Low-power wireless actuation is attracting interest in many domains, yet it is significantly less investigated than its sensing counterpart, especially in large-scale scenarios. As a consequence, guidelines about which protocol, among the few existing ones, is best suited to a given scenario are generally lacking.
In this paper, we investigate the relative performance of simple dissemination-based solutions against the standard, state-of-the-art RPL protocol. These choices of protocols are motivated concretely by our involvement in the deployment of a large-scale infrastructure for smart city applications, which directly informs our evaluation, where we use the actual network topology.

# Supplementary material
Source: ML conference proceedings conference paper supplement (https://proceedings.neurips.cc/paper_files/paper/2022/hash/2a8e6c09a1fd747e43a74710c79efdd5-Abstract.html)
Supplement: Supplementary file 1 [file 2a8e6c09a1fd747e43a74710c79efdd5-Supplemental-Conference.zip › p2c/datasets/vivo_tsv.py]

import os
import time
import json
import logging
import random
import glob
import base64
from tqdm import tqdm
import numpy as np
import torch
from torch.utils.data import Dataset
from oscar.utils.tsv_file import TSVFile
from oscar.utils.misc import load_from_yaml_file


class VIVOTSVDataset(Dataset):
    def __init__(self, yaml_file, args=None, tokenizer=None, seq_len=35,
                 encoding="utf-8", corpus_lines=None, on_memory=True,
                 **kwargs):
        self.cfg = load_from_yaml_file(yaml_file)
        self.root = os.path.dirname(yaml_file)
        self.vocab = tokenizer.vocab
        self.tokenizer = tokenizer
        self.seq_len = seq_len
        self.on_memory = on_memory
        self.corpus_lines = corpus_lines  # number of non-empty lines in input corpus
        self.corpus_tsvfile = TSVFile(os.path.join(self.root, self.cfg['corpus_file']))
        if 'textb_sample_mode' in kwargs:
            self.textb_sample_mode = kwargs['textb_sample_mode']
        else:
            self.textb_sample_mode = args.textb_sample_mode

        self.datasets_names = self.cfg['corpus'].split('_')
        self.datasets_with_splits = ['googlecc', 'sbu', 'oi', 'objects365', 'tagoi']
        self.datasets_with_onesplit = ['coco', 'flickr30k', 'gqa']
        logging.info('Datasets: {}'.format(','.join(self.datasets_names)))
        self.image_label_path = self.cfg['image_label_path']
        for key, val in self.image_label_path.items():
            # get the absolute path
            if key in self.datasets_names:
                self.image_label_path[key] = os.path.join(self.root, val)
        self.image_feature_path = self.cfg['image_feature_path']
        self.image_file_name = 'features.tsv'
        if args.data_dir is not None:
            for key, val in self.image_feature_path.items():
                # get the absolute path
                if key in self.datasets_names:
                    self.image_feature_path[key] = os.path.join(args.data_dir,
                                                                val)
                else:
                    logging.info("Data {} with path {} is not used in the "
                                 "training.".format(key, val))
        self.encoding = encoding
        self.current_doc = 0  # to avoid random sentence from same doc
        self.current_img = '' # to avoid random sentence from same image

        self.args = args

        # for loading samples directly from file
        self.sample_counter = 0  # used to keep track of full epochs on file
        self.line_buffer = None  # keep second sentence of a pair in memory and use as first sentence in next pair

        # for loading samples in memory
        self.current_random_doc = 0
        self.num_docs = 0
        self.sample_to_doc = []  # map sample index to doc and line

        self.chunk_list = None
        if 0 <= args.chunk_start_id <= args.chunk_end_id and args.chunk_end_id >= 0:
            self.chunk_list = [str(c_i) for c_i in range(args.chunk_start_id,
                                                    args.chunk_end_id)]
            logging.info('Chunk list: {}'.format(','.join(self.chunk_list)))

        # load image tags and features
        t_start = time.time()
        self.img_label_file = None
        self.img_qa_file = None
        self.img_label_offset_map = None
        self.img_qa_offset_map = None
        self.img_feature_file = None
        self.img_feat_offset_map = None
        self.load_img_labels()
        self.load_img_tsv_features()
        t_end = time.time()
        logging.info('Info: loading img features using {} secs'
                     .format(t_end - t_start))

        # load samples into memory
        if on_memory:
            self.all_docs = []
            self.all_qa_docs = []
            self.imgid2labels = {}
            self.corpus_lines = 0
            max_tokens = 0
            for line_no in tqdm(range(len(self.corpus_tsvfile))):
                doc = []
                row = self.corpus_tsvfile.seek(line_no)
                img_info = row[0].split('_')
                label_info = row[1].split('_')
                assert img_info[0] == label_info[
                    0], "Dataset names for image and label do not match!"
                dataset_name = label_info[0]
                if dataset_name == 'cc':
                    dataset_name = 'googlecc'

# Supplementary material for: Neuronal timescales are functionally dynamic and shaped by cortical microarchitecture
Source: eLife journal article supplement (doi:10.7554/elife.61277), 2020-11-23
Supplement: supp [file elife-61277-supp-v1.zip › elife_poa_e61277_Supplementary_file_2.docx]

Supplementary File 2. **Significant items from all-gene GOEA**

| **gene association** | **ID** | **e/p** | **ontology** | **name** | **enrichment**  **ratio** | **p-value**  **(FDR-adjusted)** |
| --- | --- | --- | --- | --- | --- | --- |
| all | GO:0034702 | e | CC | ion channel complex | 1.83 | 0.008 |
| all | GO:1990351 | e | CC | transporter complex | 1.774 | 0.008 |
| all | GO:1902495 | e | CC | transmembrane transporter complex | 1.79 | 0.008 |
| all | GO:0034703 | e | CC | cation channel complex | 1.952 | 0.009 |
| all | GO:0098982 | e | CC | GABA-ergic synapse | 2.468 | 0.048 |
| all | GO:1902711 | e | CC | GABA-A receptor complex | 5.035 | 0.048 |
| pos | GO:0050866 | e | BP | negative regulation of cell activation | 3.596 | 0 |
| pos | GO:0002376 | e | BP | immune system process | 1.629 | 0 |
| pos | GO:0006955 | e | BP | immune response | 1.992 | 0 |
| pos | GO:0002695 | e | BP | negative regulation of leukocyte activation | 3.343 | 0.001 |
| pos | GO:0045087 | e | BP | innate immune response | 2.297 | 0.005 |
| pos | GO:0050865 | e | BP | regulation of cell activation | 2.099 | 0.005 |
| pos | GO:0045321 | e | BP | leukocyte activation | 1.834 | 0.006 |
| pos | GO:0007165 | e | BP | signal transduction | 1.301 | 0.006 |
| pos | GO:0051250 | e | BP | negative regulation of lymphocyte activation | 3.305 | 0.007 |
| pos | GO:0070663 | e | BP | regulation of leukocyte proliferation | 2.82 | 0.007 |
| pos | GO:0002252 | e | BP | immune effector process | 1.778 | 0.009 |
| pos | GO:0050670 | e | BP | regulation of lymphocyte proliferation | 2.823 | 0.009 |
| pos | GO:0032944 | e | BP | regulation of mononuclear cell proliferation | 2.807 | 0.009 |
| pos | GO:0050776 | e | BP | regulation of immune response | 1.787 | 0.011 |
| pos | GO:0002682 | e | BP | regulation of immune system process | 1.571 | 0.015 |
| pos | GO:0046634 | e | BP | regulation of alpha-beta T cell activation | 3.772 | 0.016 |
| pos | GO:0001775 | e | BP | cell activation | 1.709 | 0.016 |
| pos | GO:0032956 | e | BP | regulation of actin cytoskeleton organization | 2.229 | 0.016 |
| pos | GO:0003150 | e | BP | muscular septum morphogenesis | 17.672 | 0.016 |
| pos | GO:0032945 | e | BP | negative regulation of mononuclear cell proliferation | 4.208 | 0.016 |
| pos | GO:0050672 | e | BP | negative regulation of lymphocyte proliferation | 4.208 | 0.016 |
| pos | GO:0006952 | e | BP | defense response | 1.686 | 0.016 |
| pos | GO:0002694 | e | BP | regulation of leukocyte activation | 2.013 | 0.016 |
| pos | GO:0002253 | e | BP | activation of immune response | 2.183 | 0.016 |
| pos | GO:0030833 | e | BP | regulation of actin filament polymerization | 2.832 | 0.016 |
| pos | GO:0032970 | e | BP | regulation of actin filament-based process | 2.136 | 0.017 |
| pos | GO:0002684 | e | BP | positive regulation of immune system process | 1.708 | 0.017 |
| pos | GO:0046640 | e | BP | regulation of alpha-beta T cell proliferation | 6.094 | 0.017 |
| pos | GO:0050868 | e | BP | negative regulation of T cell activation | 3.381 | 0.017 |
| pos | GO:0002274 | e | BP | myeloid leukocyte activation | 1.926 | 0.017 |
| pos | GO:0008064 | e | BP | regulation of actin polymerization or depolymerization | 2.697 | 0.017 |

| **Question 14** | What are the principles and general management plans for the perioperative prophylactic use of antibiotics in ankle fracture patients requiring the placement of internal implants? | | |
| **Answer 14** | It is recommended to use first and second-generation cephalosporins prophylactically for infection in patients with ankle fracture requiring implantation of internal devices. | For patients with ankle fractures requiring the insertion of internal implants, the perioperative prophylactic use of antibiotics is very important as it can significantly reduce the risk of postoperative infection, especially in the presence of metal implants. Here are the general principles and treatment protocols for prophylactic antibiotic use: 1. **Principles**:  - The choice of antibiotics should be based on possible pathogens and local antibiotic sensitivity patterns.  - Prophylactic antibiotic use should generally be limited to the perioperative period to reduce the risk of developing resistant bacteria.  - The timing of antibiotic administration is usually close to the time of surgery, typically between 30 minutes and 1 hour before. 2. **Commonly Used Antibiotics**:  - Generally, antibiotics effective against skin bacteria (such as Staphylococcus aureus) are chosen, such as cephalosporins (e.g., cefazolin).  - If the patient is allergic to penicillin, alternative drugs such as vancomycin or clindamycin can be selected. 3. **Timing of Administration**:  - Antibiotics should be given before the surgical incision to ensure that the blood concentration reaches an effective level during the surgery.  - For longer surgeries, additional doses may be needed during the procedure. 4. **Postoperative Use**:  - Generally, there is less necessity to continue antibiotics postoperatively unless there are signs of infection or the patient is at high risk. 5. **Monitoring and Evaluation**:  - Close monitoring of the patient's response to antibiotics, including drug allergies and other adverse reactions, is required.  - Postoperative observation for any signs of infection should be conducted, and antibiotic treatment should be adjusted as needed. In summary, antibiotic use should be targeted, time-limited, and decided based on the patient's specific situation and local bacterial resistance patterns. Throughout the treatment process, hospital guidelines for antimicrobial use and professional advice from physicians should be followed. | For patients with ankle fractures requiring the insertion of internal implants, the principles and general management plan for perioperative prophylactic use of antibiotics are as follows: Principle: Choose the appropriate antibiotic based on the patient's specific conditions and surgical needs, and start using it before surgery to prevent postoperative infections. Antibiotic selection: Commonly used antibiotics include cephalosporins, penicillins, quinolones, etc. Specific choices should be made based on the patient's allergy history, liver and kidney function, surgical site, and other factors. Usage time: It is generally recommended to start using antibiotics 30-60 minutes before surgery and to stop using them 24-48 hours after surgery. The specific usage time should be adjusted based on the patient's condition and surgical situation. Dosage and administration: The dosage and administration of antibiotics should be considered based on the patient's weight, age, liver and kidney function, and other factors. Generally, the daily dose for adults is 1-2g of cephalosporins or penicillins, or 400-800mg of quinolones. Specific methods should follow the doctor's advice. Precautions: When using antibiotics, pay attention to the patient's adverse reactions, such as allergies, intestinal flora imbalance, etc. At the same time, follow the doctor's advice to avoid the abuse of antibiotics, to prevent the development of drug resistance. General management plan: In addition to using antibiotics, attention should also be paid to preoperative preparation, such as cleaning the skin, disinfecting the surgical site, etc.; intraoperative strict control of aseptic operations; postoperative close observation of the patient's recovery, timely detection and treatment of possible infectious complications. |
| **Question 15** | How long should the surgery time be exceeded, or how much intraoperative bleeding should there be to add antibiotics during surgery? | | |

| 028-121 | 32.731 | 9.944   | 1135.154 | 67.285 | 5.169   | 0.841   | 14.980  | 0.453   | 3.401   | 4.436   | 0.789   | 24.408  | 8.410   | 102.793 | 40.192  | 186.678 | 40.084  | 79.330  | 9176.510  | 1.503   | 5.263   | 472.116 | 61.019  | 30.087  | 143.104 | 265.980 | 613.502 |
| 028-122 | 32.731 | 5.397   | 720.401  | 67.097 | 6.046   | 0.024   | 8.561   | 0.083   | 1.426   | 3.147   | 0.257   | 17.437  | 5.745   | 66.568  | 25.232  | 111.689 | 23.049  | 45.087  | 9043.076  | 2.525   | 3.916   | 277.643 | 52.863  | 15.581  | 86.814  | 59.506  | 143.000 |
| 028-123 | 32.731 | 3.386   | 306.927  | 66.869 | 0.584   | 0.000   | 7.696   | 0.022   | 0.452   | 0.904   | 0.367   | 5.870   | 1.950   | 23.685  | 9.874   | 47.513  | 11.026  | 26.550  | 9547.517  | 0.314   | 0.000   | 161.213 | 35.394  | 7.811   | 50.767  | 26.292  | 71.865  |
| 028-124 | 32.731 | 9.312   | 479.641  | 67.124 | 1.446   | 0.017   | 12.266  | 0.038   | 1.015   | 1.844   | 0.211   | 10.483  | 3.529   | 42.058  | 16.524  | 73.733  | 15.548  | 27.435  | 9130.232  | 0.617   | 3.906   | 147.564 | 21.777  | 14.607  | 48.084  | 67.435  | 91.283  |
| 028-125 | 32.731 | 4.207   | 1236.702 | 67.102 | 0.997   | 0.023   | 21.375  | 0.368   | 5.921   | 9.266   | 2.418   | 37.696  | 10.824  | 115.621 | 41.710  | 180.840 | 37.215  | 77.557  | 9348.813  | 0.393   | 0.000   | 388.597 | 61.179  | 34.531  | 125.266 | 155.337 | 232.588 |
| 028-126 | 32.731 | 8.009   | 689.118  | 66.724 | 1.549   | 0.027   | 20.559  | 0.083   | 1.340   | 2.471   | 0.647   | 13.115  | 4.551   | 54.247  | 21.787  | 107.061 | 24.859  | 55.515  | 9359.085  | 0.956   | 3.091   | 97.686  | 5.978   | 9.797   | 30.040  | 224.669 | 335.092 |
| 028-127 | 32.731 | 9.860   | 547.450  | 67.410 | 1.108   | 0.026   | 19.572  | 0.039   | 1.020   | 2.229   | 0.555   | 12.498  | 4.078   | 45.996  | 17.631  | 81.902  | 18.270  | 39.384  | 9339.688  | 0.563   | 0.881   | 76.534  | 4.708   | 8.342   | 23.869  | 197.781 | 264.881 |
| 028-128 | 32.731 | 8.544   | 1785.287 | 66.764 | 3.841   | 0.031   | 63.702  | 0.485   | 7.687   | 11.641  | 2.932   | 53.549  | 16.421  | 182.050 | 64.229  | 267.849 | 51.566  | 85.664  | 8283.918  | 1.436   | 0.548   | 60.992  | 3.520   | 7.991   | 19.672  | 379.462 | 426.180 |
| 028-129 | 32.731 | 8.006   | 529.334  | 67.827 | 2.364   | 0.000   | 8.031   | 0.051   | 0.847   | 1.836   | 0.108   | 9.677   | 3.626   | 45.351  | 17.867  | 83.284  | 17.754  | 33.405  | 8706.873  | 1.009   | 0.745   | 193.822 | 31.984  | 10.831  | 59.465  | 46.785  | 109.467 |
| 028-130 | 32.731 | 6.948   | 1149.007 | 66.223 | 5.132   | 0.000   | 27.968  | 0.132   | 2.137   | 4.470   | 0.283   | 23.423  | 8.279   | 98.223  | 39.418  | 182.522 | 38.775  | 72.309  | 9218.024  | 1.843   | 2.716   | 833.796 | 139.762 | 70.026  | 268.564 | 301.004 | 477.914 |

Our findings, albeit in a specific scenario, suggest that RPL still leaves much to be desired w.r.t. actuation. Two out of the three RPL implementations we considered exhibited unacceptable performance when used out-of-the-box. Even after some tuning and debugging, simple, dissemination-based solutions perform surprisingly better under several conditions. These findings motivate further research on the topic of large-scale low-power wireless actuation.